Dear Tom,

In reply...


On Fri, Jun 1, 2012 at 7:45 PM, Tom Fine <[log in to unmask]>wrote:

> One man's opinions ...
> 1. the early CD's "Great Performances of the Century" or whatever the
> series was called, with the fake "newspaper front page" artwork, generally
> sucked.
Actually, that line was called "Great Performances" and was, indeed, done
mostly from Lp cutting masters ("two-tracks") often with little or no
expertise in the A/D transfer, audible splices unfiexed, etc.

> 2. Dennis Rooney produced a good series of reissues in the late 90's,
> Masterworks Heritage. I have those versions of Szell/Cleveland, whatever
> was released in the series, and it is fantastic.


> 3. I thought much more care was taken and better quality resulted with the
> Bernstein Edition reissues of the 90's, vs the earlier reissues.


> 4. A lot of the better second-generation reissues seem to have been
> re-packaged in that dirt-cheap "essential" series, which has cheezy artwork
> and sketchy recording/production details but sometimes quite good sound.
> Some of them sound like they are "Great Performances of the 20th Century"
> first-generation transfers repackaged, but I might be wrong on that.
Essential Classics was something of a grab bag regarding audio quality but
after 1992 it improved when A&R rather than Marketing supervised the studio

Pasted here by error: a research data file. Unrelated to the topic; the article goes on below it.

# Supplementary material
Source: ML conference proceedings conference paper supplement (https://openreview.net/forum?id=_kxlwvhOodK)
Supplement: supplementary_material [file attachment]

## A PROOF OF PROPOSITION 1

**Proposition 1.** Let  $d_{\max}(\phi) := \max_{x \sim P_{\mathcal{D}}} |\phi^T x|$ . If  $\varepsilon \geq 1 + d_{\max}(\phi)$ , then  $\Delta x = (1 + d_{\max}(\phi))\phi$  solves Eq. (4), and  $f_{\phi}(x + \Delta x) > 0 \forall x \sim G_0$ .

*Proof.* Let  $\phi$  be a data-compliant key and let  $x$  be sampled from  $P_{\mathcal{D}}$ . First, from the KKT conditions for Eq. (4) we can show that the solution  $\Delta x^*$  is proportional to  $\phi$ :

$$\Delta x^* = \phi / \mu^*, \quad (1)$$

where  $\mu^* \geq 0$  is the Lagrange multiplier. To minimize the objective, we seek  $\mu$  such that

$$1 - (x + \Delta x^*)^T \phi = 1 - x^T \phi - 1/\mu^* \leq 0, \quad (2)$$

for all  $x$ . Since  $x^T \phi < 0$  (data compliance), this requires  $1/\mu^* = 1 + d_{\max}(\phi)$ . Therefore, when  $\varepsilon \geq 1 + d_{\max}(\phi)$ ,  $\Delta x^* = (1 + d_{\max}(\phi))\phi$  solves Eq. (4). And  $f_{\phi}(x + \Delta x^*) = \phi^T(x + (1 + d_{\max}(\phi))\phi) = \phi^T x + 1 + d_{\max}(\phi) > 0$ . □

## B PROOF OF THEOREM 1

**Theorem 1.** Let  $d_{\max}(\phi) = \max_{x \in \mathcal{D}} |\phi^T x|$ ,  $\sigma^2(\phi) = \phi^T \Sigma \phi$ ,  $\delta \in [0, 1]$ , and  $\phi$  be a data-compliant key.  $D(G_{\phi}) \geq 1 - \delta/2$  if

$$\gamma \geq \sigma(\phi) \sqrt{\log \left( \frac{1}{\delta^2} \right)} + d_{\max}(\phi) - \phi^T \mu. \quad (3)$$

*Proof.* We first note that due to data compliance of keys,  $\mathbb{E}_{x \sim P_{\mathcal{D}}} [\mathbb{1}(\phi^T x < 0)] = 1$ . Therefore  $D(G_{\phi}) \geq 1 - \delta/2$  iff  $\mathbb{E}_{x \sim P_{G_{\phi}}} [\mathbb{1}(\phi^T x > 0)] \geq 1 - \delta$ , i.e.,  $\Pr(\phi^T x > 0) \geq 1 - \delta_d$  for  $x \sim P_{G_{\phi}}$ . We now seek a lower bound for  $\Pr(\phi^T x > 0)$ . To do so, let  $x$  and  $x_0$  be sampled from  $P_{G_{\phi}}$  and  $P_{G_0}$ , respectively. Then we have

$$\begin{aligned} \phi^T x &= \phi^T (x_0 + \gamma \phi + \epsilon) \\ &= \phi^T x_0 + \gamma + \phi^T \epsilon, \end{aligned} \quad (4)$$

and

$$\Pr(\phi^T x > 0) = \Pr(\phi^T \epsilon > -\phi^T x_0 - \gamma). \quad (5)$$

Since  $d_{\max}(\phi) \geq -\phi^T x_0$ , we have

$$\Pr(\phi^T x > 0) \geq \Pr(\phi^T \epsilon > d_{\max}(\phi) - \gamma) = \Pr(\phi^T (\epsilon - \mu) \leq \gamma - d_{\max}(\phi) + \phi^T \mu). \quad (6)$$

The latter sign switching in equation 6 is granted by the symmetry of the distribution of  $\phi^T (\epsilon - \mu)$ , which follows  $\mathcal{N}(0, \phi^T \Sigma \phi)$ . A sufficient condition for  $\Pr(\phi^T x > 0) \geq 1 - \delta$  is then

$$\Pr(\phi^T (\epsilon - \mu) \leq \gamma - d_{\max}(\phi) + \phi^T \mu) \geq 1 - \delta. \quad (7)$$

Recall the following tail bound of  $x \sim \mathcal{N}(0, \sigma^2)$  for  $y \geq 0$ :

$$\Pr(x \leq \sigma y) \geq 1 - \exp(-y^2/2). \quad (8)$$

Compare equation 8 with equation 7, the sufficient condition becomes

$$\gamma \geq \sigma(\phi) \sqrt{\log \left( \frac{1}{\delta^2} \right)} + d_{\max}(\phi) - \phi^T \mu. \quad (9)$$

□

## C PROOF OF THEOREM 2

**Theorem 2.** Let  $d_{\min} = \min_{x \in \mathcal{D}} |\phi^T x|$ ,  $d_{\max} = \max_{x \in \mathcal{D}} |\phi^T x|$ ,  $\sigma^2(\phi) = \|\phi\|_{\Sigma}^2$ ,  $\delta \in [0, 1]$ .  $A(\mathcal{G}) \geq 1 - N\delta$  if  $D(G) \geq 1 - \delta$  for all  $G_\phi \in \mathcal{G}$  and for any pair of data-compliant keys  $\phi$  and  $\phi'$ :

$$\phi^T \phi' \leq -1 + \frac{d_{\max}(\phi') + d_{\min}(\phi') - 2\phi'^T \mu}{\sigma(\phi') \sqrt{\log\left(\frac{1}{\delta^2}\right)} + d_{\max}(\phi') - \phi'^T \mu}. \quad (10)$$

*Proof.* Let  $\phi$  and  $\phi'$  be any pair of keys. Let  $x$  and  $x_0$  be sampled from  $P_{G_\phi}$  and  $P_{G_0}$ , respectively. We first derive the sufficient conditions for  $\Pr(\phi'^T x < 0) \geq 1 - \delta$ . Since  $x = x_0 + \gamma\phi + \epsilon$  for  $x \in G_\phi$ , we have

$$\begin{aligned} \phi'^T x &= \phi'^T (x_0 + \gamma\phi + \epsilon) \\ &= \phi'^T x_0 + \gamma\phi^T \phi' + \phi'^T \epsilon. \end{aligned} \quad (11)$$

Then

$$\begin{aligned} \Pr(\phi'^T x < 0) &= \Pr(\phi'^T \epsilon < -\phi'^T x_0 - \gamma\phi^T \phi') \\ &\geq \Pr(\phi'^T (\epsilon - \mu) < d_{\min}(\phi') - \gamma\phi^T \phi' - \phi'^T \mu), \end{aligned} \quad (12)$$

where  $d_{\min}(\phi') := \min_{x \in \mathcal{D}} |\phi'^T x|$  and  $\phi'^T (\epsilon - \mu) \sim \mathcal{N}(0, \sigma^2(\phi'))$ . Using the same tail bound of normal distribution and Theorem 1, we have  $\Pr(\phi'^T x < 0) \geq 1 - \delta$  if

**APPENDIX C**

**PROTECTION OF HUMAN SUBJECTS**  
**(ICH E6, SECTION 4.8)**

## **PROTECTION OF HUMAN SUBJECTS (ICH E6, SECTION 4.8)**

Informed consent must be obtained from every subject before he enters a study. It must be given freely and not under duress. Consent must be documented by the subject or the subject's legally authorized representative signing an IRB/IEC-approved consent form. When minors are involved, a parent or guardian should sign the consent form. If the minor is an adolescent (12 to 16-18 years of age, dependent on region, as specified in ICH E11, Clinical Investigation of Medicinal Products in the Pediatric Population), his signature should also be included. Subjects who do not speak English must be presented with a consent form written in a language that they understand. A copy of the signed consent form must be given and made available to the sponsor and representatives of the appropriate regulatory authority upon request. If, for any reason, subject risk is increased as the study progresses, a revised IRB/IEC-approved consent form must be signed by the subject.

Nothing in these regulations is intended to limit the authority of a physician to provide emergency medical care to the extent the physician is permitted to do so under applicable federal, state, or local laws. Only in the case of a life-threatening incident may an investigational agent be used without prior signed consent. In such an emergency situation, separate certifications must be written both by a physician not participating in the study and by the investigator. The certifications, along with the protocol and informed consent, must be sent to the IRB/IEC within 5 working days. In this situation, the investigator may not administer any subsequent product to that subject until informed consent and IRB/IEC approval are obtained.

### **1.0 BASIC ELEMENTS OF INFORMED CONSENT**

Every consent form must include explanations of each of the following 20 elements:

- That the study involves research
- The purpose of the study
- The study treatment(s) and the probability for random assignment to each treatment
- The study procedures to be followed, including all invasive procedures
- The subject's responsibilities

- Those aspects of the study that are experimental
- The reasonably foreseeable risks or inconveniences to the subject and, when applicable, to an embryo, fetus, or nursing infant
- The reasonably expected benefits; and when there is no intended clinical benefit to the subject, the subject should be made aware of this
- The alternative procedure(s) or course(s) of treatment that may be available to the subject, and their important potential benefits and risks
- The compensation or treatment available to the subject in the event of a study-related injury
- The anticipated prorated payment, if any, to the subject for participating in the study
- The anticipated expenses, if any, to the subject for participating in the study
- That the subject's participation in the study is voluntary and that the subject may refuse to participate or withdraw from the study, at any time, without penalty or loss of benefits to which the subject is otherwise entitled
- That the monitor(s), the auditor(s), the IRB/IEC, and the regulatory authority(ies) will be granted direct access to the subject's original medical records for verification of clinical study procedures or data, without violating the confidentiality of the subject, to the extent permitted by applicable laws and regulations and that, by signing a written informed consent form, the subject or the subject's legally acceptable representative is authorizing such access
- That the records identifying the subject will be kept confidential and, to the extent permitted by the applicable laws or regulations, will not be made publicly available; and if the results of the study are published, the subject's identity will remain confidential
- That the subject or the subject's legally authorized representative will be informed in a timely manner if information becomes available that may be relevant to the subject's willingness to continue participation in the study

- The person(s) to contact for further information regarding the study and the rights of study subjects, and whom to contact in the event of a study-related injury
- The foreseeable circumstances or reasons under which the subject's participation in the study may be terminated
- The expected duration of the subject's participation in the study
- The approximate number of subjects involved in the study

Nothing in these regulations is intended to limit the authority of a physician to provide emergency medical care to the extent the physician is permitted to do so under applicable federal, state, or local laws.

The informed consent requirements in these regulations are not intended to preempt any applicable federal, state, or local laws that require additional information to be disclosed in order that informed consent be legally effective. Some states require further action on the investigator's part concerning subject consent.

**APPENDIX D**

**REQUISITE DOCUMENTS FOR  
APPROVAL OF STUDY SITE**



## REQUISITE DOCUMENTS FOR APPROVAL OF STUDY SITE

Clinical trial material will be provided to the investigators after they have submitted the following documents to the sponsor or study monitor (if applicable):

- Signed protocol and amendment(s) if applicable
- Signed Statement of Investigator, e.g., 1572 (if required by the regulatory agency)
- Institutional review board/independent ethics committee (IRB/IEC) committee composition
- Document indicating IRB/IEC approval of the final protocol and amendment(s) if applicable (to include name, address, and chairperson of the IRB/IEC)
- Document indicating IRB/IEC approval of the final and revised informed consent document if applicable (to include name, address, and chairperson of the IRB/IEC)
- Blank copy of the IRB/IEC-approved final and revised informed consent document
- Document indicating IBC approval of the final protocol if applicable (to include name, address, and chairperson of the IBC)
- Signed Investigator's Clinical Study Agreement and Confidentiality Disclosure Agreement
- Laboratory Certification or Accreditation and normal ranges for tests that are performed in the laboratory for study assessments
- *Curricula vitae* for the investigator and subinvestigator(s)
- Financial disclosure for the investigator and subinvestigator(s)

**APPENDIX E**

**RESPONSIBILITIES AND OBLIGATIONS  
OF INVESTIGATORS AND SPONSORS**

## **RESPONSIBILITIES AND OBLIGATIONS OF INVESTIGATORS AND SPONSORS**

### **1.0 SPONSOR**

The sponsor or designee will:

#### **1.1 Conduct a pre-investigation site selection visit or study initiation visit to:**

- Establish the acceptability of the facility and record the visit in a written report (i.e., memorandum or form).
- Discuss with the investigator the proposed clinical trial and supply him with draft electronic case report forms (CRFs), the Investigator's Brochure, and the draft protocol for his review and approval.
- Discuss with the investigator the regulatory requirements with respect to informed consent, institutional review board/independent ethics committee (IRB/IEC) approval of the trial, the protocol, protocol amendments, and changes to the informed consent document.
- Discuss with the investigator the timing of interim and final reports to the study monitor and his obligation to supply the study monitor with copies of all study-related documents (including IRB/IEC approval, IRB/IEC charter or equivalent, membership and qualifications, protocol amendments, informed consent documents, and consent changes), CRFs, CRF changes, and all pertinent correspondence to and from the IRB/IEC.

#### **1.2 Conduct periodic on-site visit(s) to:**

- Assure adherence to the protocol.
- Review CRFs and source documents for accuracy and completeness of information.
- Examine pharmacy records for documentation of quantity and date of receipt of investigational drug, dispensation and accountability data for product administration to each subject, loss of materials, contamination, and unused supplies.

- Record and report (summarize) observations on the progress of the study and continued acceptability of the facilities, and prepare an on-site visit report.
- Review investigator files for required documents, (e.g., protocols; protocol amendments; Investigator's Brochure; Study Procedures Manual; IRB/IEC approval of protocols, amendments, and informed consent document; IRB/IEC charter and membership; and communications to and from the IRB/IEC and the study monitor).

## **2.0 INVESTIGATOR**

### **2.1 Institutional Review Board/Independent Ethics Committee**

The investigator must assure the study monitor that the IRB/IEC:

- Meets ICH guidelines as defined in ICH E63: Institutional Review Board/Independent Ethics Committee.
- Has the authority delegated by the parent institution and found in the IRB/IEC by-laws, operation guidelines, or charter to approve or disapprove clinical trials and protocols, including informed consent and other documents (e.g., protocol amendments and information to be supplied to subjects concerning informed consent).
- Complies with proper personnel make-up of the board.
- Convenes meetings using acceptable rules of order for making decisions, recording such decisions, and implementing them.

> 5. In general, to my ears, Columbia's recordings were of inconsistent
> quality. Sometimes they did really well, sometimes not. I tend to hear
> through their inadequate recordings if it's a Szell or a great Bernstein
> performance. If it's a lackluster Bernstein or a so-so Ormandy, I can't
> cotton to the poor-sounding recordings.

In general, the Columbia master tapes sound better than any Lp release.
Their true quality was much more accurately reflected in the CD reissues
from the early 90s on.*

> Columbia always used several to many mics, so the big problem they have is
> the same all over-mic'd classical recordings have -- unnatural ambience,
> congested and un-detailed sound when everyone is playing loud, shifting
> placement of instruments depending on their volume levels (ie bleed into a
> number of mics), and dynamics controlled at the mixing board rather than by
> the orchestra.

*Fred Plaut did not believe in stereo and Masterworks did not make a
regular stereo master until December, 1956 (the Bernstein MESSIAH). His mic
technique was referred to by many of his colleagues as "multi-mic mono".
Only one Columbia engineer, Harold Chapman ("Chappie"), had a true
understanding of stereophony and how to mic for it, which is why his